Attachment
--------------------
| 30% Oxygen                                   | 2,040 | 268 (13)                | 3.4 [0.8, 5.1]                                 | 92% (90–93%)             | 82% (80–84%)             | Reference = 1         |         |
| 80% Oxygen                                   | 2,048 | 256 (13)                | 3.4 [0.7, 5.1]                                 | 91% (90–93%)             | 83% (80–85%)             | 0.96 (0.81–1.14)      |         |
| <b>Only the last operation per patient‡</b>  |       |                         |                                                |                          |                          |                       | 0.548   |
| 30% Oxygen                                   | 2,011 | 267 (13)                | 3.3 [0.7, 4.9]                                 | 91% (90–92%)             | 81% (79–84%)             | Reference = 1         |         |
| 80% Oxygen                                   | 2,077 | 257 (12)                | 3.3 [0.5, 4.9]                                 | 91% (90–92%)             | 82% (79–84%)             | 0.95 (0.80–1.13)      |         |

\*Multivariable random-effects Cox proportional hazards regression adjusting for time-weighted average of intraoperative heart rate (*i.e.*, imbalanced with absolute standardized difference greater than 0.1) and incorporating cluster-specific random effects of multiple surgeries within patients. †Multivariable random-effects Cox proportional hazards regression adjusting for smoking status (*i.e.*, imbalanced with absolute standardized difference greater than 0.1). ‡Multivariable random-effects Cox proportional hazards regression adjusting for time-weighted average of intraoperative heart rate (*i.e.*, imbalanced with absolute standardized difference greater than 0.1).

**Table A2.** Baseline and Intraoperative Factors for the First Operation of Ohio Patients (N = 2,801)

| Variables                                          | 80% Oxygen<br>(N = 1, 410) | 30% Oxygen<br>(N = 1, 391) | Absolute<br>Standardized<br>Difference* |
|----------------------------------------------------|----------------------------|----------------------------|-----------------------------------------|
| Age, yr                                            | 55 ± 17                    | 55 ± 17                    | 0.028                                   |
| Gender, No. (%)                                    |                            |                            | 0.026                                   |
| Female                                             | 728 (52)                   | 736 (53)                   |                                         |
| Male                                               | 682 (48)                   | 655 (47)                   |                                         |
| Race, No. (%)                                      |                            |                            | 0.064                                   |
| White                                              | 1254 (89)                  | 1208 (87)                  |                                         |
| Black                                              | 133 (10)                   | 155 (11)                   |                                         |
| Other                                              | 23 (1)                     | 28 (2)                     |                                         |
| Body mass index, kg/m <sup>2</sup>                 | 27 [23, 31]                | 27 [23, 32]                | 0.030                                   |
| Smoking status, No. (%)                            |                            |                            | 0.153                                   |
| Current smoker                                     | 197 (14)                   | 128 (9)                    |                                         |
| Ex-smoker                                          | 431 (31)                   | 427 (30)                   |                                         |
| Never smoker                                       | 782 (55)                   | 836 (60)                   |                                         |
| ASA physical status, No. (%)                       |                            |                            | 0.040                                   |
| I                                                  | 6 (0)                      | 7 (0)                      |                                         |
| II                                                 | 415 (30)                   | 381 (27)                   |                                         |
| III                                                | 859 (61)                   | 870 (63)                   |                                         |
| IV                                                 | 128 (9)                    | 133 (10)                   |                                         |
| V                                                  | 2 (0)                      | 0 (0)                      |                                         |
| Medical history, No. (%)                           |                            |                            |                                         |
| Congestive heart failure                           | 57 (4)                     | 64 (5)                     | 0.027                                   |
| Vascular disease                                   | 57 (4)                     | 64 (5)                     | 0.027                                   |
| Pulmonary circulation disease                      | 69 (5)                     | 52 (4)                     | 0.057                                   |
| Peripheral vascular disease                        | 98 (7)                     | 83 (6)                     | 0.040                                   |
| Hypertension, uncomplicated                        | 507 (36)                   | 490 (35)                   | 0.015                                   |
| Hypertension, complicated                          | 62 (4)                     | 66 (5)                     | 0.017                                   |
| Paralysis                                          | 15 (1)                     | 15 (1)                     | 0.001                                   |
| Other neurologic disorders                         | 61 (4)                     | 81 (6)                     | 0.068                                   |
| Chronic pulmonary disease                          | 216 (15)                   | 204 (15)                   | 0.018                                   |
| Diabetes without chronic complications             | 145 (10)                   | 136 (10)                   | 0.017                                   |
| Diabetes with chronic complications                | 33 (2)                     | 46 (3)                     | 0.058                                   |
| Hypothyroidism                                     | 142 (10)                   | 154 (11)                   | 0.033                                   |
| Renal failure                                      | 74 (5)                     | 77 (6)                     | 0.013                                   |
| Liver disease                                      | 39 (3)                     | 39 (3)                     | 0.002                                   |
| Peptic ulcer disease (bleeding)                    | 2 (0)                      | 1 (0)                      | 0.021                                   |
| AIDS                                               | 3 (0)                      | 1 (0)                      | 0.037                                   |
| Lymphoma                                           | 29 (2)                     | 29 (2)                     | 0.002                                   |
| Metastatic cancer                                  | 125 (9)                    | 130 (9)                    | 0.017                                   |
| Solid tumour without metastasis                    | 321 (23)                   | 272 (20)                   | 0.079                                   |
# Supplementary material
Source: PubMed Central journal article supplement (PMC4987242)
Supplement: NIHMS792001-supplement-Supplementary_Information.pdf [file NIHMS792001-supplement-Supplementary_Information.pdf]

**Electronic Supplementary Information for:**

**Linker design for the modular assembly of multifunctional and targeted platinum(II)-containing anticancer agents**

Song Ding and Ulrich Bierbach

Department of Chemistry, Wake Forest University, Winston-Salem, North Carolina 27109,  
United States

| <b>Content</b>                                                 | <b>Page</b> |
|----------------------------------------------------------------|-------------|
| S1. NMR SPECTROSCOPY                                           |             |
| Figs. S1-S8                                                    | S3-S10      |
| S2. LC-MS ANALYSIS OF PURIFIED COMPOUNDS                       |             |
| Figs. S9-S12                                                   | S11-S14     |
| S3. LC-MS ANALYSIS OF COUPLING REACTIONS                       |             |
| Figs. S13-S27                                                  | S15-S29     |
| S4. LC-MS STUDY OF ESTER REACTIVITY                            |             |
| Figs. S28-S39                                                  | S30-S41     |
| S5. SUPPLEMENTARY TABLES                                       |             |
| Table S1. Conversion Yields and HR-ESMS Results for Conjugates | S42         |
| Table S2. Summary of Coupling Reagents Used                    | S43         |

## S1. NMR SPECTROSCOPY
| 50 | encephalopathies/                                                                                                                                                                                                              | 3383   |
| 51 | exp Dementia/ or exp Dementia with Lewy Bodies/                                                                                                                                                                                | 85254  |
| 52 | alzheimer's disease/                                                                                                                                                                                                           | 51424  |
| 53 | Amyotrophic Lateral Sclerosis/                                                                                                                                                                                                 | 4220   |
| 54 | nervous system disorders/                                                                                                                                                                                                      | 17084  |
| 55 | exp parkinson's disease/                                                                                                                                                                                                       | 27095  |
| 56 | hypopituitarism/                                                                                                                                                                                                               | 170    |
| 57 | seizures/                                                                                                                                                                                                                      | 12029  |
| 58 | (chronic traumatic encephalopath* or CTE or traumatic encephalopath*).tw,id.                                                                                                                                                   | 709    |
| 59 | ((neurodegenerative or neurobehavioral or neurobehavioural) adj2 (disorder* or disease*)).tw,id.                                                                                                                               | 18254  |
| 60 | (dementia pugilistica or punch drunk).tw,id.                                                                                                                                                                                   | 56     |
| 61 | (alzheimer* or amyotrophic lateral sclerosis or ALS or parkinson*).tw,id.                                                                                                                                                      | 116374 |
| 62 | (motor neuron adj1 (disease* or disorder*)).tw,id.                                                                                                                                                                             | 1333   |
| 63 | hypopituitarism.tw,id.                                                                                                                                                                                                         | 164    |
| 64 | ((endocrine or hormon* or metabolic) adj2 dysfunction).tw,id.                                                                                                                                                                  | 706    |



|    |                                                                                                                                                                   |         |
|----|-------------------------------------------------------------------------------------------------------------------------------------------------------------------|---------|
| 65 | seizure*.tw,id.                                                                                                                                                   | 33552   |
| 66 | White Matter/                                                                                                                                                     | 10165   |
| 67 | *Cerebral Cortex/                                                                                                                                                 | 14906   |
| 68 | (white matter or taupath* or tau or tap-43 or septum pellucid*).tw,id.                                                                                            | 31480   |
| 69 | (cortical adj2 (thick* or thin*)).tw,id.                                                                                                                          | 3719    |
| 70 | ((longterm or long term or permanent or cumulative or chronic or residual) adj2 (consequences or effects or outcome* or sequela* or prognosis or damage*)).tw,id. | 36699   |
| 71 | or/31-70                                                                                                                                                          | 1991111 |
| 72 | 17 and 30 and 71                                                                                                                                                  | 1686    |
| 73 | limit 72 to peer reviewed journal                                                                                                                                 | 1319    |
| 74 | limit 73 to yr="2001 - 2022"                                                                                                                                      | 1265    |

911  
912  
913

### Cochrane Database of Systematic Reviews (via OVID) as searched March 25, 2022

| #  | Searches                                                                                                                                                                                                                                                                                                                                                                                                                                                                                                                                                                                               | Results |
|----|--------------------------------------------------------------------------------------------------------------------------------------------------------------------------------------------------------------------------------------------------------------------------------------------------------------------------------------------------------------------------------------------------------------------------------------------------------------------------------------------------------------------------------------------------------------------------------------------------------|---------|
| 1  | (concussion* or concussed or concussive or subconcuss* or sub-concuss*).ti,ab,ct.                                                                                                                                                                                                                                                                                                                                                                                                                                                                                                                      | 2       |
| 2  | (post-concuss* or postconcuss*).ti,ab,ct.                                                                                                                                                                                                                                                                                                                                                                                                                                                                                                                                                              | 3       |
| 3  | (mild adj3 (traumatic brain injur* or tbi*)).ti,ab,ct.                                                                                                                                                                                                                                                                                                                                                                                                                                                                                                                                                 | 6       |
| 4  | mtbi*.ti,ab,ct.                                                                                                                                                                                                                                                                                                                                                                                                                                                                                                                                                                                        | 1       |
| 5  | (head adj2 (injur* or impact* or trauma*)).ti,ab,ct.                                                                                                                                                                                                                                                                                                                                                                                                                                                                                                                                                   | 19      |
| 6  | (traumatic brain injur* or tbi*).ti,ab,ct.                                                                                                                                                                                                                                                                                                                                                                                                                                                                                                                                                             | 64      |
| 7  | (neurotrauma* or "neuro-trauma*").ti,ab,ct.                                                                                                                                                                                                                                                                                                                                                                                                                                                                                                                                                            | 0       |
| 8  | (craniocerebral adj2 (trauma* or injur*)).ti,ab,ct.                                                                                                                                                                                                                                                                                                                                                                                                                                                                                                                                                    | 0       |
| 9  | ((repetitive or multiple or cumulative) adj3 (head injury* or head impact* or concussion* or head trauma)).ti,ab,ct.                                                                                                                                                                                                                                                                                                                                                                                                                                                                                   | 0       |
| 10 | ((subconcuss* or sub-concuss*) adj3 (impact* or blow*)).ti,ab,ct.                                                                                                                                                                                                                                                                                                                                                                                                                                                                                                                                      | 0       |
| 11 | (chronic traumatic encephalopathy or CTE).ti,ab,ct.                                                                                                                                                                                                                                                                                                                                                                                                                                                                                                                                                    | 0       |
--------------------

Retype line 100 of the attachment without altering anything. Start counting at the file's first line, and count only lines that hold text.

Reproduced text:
913